The 1914-1915 Medal unveils the Rowley Family

by John Dixon
The discovery of this medal on Ebay and its subsequent purchase by local supporters of the town’s Museum unveils some important aspects of World War I.

Private Harold Ernest Rowley

The Star
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The Star was earned by Private Harold Ernest Rowley, 13793, of 8th (Service) Battalion, Gloucesters who was killed aged 24 during the Battle of the Somme on 3 July 1916. His body was never recovered and his name only is remembered on the Thiepval Memorial.

He along with Pte. Leonard Rossell were two of those volunteers who 'stormed the stage' at the famous recruiting rally at the Watson Hall in September 1914. Rowley was ‘one of the first to mount the platform to enlist’.

He died along with his friend Pte. Rossell who belatedly joined him on the Town’s War Memorial on 1 July 2018.

Harold was one of three sons of Baker, George Rowley and Rachel Jane (formerly Smith) who were killed in the war. The father had migrated to the town from Leicestershire

Private Herbert George Rowley

29339, of the 7th Battalion, Gloucesters died aged 22 on 15 January 1917 Buried with honour in Amara War Cemetery, Iraq; XXIV C 22 [Now impossible to visit.]

The 7th Gloucesters were part of the Mesopotamian Expeditionary Force in modern-day Iraq which aimed to relieve the garrison at Kut al Amara to which British units had retreated. However, Kut fell to the Turks in April 1916.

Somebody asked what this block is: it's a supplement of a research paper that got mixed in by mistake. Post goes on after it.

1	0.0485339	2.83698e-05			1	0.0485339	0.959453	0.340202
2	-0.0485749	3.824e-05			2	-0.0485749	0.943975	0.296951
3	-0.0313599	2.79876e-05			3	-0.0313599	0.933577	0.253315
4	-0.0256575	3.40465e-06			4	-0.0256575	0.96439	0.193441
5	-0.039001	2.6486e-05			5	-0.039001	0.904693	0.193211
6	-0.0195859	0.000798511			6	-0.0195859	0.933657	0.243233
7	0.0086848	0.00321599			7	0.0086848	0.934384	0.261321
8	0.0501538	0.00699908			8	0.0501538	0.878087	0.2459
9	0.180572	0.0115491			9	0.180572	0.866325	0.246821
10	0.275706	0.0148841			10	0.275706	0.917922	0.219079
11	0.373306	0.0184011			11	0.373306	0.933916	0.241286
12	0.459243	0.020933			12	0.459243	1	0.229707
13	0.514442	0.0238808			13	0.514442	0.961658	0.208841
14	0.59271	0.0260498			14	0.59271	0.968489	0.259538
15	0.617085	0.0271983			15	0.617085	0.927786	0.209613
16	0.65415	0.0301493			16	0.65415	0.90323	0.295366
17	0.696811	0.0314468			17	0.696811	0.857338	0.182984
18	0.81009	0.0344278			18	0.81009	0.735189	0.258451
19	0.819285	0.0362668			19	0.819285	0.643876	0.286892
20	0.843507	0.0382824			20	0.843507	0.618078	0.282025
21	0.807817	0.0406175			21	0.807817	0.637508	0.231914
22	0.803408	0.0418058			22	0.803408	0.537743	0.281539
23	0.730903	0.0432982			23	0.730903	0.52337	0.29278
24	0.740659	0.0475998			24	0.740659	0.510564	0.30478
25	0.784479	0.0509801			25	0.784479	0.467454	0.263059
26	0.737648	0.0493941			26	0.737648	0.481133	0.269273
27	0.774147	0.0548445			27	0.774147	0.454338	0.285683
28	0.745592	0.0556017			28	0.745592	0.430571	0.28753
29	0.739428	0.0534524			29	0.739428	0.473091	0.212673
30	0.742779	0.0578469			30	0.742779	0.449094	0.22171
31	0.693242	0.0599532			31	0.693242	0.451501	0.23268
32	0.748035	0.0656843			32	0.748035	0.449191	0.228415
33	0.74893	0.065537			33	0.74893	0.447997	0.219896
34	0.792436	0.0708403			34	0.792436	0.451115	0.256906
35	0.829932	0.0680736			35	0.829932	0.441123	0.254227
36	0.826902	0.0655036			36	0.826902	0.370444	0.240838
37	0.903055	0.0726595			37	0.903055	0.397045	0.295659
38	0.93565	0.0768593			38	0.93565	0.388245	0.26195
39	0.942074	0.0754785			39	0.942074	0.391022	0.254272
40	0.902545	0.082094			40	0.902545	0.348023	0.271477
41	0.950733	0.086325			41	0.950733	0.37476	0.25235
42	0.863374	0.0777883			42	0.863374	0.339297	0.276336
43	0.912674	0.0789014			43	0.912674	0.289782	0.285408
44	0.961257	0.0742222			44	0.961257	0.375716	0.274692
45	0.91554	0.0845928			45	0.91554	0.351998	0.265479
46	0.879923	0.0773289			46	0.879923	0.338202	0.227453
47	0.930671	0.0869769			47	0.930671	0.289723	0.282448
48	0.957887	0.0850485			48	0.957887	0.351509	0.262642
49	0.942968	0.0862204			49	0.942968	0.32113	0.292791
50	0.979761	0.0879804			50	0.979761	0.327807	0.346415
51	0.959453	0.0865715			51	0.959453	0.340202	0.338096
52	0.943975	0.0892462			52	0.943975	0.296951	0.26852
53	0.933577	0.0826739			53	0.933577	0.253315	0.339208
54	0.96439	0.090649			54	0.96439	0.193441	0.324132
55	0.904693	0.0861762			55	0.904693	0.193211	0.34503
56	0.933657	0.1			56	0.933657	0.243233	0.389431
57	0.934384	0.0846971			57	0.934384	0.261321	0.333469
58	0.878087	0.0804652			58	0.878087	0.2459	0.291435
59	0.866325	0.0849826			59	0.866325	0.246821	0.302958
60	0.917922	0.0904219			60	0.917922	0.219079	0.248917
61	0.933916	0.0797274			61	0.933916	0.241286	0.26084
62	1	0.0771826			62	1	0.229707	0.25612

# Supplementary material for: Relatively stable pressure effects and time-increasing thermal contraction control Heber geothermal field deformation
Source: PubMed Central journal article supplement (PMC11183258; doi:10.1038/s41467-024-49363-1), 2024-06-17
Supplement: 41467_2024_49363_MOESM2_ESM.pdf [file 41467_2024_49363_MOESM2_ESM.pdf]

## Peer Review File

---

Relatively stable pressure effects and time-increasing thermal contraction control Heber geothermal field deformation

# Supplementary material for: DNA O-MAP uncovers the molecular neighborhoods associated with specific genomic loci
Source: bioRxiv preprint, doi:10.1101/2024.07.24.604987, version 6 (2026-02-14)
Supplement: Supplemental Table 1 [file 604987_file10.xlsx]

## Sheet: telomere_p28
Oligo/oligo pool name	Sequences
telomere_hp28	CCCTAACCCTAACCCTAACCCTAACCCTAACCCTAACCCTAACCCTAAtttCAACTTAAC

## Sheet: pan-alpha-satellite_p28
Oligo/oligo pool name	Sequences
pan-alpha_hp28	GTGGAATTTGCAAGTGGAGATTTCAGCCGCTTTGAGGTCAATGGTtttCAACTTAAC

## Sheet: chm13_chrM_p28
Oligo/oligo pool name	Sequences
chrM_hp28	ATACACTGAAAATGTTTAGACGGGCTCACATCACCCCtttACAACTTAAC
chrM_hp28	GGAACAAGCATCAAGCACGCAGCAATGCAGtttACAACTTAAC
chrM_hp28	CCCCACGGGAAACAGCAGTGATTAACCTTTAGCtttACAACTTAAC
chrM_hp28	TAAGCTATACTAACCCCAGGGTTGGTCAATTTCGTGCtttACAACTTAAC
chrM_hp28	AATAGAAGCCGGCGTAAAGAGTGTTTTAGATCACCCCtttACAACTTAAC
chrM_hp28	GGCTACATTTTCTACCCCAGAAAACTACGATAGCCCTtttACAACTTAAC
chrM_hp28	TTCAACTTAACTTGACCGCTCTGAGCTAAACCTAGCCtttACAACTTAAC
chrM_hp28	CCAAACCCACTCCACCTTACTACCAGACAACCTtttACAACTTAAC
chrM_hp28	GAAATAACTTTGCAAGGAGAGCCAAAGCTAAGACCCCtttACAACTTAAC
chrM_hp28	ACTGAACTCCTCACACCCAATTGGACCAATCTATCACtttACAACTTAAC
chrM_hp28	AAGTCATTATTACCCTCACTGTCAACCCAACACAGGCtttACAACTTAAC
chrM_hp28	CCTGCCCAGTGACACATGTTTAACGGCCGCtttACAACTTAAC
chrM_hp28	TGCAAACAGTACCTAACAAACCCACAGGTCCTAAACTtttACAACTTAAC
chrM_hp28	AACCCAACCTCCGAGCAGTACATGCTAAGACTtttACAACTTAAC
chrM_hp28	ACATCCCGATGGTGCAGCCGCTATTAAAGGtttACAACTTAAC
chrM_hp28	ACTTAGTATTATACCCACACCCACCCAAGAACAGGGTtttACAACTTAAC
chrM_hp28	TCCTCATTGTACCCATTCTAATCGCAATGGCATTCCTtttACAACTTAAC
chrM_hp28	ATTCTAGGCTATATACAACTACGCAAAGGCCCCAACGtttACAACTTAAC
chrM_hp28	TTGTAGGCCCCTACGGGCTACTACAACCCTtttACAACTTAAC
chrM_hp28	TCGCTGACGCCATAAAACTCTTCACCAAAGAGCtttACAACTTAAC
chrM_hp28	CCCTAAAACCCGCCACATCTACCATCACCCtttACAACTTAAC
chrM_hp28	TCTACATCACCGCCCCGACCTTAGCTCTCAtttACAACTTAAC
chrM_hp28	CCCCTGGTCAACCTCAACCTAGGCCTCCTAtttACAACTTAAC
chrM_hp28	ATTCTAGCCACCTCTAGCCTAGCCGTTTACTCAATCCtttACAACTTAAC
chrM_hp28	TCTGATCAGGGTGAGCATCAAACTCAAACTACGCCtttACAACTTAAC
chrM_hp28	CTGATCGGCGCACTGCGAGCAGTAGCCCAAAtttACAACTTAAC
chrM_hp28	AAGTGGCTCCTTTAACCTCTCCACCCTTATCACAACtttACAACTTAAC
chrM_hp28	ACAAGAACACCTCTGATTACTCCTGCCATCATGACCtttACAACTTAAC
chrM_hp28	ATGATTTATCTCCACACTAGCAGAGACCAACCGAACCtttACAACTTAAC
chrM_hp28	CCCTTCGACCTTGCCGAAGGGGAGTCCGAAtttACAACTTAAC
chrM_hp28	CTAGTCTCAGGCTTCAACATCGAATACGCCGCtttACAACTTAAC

The British forces were reinforced and Pte. Rowley was a likely replacement. Another attempt was launched in December but it still took two months to capture Kut. This son lost his life in this venture – but Baghdad was captured in March 1917.

He is also on the commemorated on the Post Office Memorial at the Sorting Office, Northway.

Herbert’s widow Edith was awarded a War Gratuity of £3 in October 1919.

Private Arthur Harry Rowley

54199, Durham Light Infantry,  Died aged 23 on 16 April 1921, Buried, without CWGC recognition, in Tewkesbury Cemetery; C-502

Youngest son, Pte. A. H. Rowley, died on 16 April 1921, ‘at his mother’s residence’. He had ‘served in the Great War and, at its close, was for a time with the British Army of Occupation in Cologne. Upon leaving the Army he went to work in Birmingham but his constitution was unable to withstand the effects of his military service and tuberculosis set in and he lay ill for many months.'

He had already taken part in the Battle of Arras in 1917: ‘he experienced a good deal of hard service abroad where he was wounded and gassed’.

Because of his death nearly three years after the war’s end, his name was the last addition to the Abbey Memorial to the Fallen and he is also commemorated in Tewkesbury at the Cross. He was, however, too late for a CWGC headstone.

The late death of the youngest son also meant that, although the Rowley family had lost three sons, it was Mrs. Letitia Didcote, who was accorded the honour of inaugurating the War Memorial in May 1922.

All the remaining members of the Rowley family seem to have left the town by 1939.

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